User currently offlineViv From Ireland, joined May 2005, 3142 posts, RR: 28
Reply 5, posted (5 years 6 months 3 weeks 5 days 2 hours ago) and read 3293 times:

The only glass you should shoot through is the glass of the lens.


Nikon D700, Nikkor 80-400, Fuji X Pro 1, Fujinon 35 f/1.4, Fujinon 18 f/2
User currently offlineAC888YOW From Canada, joined Jan 2005, 536 posts, RR: 1
Reply 6, posted (5 years 6 months 3 weeks 5 days 2 hours ago) and read 3282 times:



Quoting Viv (Reply 5):
The only glass you should shoot through is the glass of the lens.

With that comment you're advising people not to take shots from inside a terminal building, or window shots while in-flight, etc. I don't see why you would suggest something like that and risk discouraging someone who seems to be just starting out in the hobby?

Some of my favourite (and most popular) photos are shots through 'glass'. What was I supposed to do as an alternative? Jump onto the wing at FL350 or trespass to go airside?


User currently offlineSpiderguy252 From India, joined Feb 2009, 290 posts, RR: 0
Reply 7, posted (5 years 6 months 3 weeks 4 days 23 hours ago) and read 3254 times:



Quoting JohnJ (Reply 4):
I like shooting through glass, though, in that I can get angles that would otherwise be impossible for a layperson like myself inside the secured areas of a terminal. In other words, your shots will probably stand out from others taken at the same airport outside the fence.

To what extent is this true?



Figure .09
User currently offlineViv From Ireland, joined May 2005, 3142 posts, RR: 28
Reply 8, posted (5 years 6 months 3 weeks 4 days 23 hours ago) and read 3243 times:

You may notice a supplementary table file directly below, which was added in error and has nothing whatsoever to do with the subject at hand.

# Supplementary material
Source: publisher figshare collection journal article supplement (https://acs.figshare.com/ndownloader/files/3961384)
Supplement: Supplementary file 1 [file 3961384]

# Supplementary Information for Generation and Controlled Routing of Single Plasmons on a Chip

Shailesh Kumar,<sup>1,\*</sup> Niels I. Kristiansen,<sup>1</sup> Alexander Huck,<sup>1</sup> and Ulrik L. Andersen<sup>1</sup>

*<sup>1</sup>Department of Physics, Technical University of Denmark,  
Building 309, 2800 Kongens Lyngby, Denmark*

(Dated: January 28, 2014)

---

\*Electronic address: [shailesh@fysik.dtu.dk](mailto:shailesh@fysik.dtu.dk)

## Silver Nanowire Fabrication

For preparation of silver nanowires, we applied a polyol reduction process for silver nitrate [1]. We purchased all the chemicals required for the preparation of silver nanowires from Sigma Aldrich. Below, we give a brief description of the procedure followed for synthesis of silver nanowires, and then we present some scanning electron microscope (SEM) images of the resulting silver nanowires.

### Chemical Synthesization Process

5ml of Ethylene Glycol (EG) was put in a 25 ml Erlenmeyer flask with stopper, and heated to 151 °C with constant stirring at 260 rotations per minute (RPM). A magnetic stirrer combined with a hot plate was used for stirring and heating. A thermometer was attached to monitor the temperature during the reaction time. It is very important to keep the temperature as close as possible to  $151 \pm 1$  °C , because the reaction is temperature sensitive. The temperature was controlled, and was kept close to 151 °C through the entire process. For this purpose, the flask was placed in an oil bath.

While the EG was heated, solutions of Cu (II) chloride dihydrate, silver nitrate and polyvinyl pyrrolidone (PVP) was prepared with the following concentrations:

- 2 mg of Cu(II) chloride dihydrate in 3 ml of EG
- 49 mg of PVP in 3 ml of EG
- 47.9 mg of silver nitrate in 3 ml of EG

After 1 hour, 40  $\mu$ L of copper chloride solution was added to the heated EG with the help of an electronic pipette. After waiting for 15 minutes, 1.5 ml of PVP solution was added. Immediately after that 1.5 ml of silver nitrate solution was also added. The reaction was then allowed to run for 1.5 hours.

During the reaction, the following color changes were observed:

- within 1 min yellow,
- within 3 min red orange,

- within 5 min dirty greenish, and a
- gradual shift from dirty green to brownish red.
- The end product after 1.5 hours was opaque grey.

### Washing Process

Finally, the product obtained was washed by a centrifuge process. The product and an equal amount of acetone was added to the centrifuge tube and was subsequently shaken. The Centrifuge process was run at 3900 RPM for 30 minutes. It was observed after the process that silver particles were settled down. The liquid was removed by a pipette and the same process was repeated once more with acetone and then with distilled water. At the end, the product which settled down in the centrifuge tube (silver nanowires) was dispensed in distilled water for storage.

Quoting AC888YOW (Reply 6):
I don't see why you would suggest something like that and risk discouraging someone who seems to be just starting out in the hobby?

Because shooting through glass is difficult; someone 'just starting out in the hobby' will, in so doing, almost certainly get lousy results and will thus be discouraged.

Better to learn to walk before you run.



Nikon D700, Nikkor 80-400, Fuji X Pro 1, Fujinon 35 f/1.4, Fujinon 18 f/2
User currently offlineJohnJ From United States of America, joined Jun 2000, 1662 posts, RR: 2
Reply 9, posted (5 years 6 months 3 weeks 4 days 22 hours ago) and read 3225 times:



Quoting Spiderguy252 (Reply 7):
To what extent is this true?

My point is that if you have a ticket to get inside security, you have an advantage over those of us who have to stay outside in that you can get some potentially different angles.

I do to some extent agree with Viv that if your main goal is to get shots on Airliners.net, it would be easier to get outside with nothing between your lens and the airplane but air. However, if you're in the terminal and have your camera with you, why not follow some of the advice spelled out above and try some shots? It won't cost you anything but time, and you'll get some shots that at least will be in your personal collection.


User currently offlineTransIsland From Bahamas, joined Mar 2004, 2046 posts, RR: 9
Reply 10, posted (5 years 6 months 3 weeks 4 days 22 hours ago) and read 3225 times:

Quoting Viv (Reply 8):
Because shooting through glass is difficult; someone 'just starting out in the hobby' will, in so doing, almost certainly get lousy results and will thus be discouraged.

If you adhere to the advice of being as close as possible to the glass, and only shooting through one layer, I don't think that's true. I've taken these at a time when I was still an absolute newbie.


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Photo © Stephen B. Aranha
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Photo © Stephen B. Aranha



The Embraer through terminal window at DCA, after having had my first not-completely automatic camera (still no DSLR) for about 2 weeks. The DL through another DL B763 window. (edit: I don't remeber if I was coming into JFK here, or leaving again, as I was just connecting that day... it may have also been an AA A300.)

Below are examples from the terminal at MIA and BOS, though in the meantime I may have picked up a little more on how to use my camera, and also upgraded to a DSLR:


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Photo © Stephen B. Aranha
View Large View Medium
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Photo © Stephen B. Aranha



[Edited 2009-04-03 14:02:46]


I'm an aviation expert. I have Sky Juice for breakfast.